The history of Central Piedmont Community College (Central Piedmont) centers not so much on bricks and mortar, books and computers, or programs and classes, but points more to the many people who have played a role in developing the college and the many students who have found success as a result of their experiences.
Central Piedmont has provided educational opportunities since 1963, when the North Carolina General Assembly passed the community college bill. Opening as a fully integrated institution, under the direction of Dr. Richard H. Hagemeyer, the founding president, the college combined the programs of the Central Industrial Education Center on Elizabeth Avenue and Mecklenburg College on Beatties Ford Road and sold its property on Beatties Ford Road to develop a campus around the old Central High School complex. Starting with 3.94 acres, the college bought the surrounding property, demolished buildings, and closed streets to build the beautiful, tree-shaded, 32-acre Central Campus that students and faculty now enjoy.
From the start, the college was innovative in its teaching methods. Central Piedmont soon garnered national recognition for its individualized instruction and computer-assisted instruction. Central Piedmont has grown from a small college with a dozen programs serving 1,600 students to a college with nearly 300 degree, diploma and certificate programs at six campuses and online with an array of credit and non-credit offerings.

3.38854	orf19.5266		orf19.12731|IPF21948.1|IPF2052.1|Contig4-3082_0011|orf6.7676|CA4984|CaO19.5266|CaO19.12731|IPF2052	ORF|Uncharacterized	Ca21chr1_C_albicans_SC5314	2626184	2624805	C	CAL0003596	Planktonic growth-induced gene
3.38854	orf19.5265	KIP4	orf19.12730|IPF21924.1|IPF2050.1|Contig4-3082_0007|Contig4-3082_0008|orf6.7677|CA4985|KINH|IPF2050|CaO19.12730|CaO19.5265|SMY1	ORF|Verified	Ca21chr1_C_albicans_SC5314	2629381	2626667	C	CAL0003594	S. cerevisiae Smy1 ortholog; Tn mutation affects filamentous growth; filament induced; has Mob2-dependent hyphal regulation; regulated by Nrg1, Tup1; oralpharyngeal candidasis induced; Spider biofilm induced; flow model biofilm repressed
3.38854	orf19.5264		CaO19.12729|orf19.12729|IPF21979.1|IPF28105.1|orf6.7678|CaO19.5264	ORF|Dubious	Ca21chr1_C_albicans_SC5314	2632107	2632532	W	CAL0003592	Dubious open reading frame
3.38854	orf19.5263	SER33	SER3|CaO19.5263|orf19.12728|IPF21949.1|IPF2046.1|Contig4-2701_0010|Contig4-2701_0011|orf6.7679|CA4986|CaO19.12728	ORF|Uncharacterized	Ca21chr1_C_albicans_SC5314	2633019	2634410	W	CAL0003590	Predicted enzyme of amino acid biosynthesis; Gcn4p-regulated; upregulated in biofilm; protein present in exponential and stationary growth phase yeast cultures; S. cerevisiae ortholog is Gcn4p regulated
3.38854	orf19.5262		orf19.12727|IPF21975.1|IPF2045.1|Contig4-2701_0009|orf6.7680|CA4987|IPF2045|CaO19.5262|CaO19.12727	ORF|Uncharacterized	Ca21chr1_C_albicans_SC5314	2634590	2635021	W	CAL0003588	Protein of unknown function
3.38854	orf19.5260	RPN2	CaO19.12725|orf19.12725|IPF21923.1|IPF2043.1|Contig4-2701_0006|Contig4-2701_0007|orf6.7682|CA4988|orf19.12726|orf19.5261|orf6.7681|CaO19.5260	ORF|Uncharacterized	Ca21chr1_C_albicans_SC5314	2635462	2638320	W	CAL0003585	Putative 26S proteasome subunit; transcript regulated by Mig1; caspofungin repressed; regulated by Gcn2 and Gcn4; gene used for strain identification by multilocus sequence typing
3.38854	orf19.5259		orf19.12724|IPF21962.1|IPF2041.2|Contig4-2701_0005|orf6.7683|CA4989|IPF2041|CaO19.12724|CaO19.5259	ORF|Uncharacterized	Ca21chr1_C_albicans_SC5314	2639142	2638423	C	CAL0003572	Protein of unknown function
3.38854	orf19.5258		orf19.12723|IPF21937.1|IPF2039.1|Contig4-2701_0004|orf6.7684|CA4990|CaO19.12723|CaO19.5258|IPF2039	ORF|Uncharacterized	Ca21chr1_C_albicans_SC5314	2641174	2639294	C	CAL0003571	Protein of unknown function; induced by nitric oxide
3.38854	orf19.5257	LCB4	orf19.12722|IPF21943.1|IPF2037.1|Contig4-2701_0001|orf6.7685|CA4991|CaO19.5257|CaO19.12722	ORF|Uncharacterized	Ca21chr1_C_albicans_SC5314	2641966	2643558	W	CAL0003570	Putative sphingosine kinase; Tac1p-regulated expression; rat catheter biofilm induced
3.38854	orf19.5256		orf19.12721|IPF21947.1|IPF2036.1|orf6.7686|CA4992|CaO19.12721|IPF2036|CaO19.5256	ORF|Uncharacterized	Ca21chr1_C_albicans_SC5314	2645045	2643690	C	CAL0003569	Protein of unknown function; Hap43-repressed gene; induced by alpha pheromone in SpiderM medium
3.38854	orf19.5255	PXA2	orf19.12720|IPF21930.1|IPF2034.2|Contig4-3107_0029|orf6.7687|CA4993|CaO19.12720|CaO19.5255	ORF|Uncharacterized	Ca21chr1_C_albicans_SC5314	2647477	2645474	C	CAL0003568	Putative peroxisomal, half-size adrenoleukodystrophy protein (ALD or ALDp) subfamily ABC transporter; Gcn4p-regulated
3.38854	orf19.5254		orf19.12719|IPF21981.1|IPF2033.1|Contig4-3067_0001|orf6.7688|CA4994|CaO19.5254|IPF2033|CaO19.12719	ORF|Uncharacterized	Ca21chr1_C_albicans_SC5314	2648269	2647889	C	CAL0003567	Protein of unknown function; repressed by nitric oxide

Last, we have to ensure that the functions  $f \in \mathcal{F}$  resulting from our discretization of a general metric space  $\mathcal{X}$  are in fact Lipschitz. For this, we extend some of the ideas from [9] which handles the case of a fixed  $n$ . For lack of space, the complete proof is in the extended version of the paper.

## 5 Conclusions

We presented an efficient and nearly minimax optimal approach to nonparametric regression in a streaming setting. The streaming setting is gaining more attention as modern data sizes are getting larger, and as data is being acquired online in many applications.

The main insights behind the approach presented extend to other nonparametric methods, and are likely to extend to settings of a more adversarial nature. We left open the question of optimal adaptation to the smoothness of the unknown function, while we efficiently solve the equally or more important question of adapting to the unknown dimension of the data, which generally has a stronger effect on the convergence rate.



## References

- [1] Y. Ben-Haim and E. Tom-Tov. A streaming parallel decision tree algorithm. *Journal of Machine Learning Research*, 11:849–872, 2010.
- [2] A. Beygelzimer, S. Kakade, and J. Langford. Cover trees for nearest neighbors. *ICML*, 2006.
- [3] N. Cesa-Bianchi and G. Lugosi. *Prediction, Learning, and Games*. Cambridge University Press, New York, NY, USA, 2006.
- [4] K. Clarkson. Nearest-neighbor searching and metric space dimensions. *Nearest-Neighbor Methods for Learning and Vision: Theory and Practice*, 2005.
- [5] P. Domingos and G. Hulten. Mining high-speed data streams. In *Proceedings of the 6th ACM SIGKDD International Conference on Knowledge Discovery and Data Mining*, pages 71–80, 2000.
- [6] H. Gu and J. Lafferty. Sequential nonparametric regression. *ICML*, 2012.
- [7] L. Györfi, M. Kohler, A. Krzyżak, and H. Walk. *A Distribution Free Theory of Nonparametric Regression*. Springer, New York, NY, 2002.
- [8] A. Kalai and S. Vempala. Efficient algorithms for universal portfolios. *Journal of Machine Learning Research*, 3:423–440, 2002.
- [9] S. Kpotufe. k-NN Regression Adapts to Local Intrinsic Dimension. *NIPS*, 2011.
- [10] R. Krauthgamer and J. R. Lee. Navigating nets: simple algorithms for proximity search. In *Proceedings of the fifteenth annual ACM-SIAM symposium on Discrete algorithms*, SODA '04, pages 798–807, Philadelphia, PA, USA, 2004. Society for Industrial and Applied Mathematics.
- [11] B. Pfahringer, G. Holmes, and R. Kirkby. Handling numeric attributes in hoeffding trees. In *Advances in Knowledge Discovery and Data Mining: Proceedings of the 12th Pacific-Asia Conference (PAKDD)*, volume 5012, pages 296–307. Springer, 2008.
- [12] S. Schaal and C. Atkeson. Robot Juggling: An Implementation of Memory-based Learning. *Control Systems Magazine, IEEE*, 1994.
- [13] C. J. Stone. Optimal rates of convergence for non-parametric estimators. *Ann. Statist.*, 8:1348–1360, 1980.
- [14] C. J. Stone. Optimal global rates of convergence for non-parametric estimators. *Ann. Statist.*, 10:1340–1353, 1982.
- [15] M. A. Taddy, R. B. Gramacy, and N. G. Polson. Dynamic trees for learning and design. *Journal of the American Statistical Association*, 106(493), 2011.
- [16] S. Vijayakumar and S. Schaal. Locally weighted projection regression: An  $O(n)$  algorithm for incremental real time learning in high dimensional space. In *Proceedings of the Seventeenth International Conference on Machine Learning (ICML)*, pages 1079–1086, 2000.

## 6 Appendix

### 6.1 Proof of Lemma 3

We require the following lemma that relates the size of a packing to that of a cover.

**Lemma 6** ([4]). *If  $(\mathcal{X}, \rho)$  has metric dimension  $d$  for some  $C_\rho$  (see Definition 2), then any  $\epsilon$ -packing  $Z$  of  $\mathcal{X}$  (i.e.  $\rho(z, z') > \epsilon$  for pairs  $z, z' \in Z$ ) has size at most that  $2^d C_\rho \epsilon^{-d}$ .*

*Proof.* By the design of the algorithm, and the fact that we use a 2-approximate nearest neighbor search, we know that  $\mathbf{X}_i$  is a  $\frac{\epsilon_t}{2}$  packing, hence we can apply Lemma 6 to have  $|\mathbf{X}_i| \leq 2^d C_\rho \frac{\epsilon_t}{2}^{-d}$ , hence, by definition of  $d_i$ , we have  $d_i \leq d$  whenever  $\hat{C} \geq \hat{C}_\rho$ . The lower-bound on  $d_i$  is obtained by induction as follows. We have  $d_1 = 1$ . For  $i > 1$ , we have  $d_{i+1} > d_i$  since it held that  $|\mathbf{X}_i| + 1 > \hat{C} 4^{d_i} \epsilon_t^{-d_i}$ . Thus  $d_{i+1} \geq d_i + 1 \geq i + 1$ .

After Dr. Hagemeyer’s retirement in 1986, Dr. Ruth G. Shaw became the college’s second president. Under her leadership, the college began a multi-campus plan that was actualized under the leadership of the college's third president, Dr. Tony Zeiss.
Now under the leadership of Dr. Kandi W. Deitemeyer, the college is the county's premier workforce development resource. Central Piedmont has launched a strategic plan that maintains the college’s fundamental commitment to student success while courageously responding to the region's economic opportunities. Central Piedmont works to enhance the lives and success of individuals and employers, making Mecklenburg County stronger and more prosperous.
For a more comprehensive review of the history of Central Piedmont Community College, consult the following resources:
Central Piedmont Archives
Oleson-Briggs, S. (2013). Central Piedmont Community College: Legacy and Promise 1993-2013. Charlotte: CPCC Foundation, Inc.
Timblin, C. L. (1995). Central Piedmont Community College: The First Thirty Years 1963-1993. Charlotte: CPCC Foundation, Inc.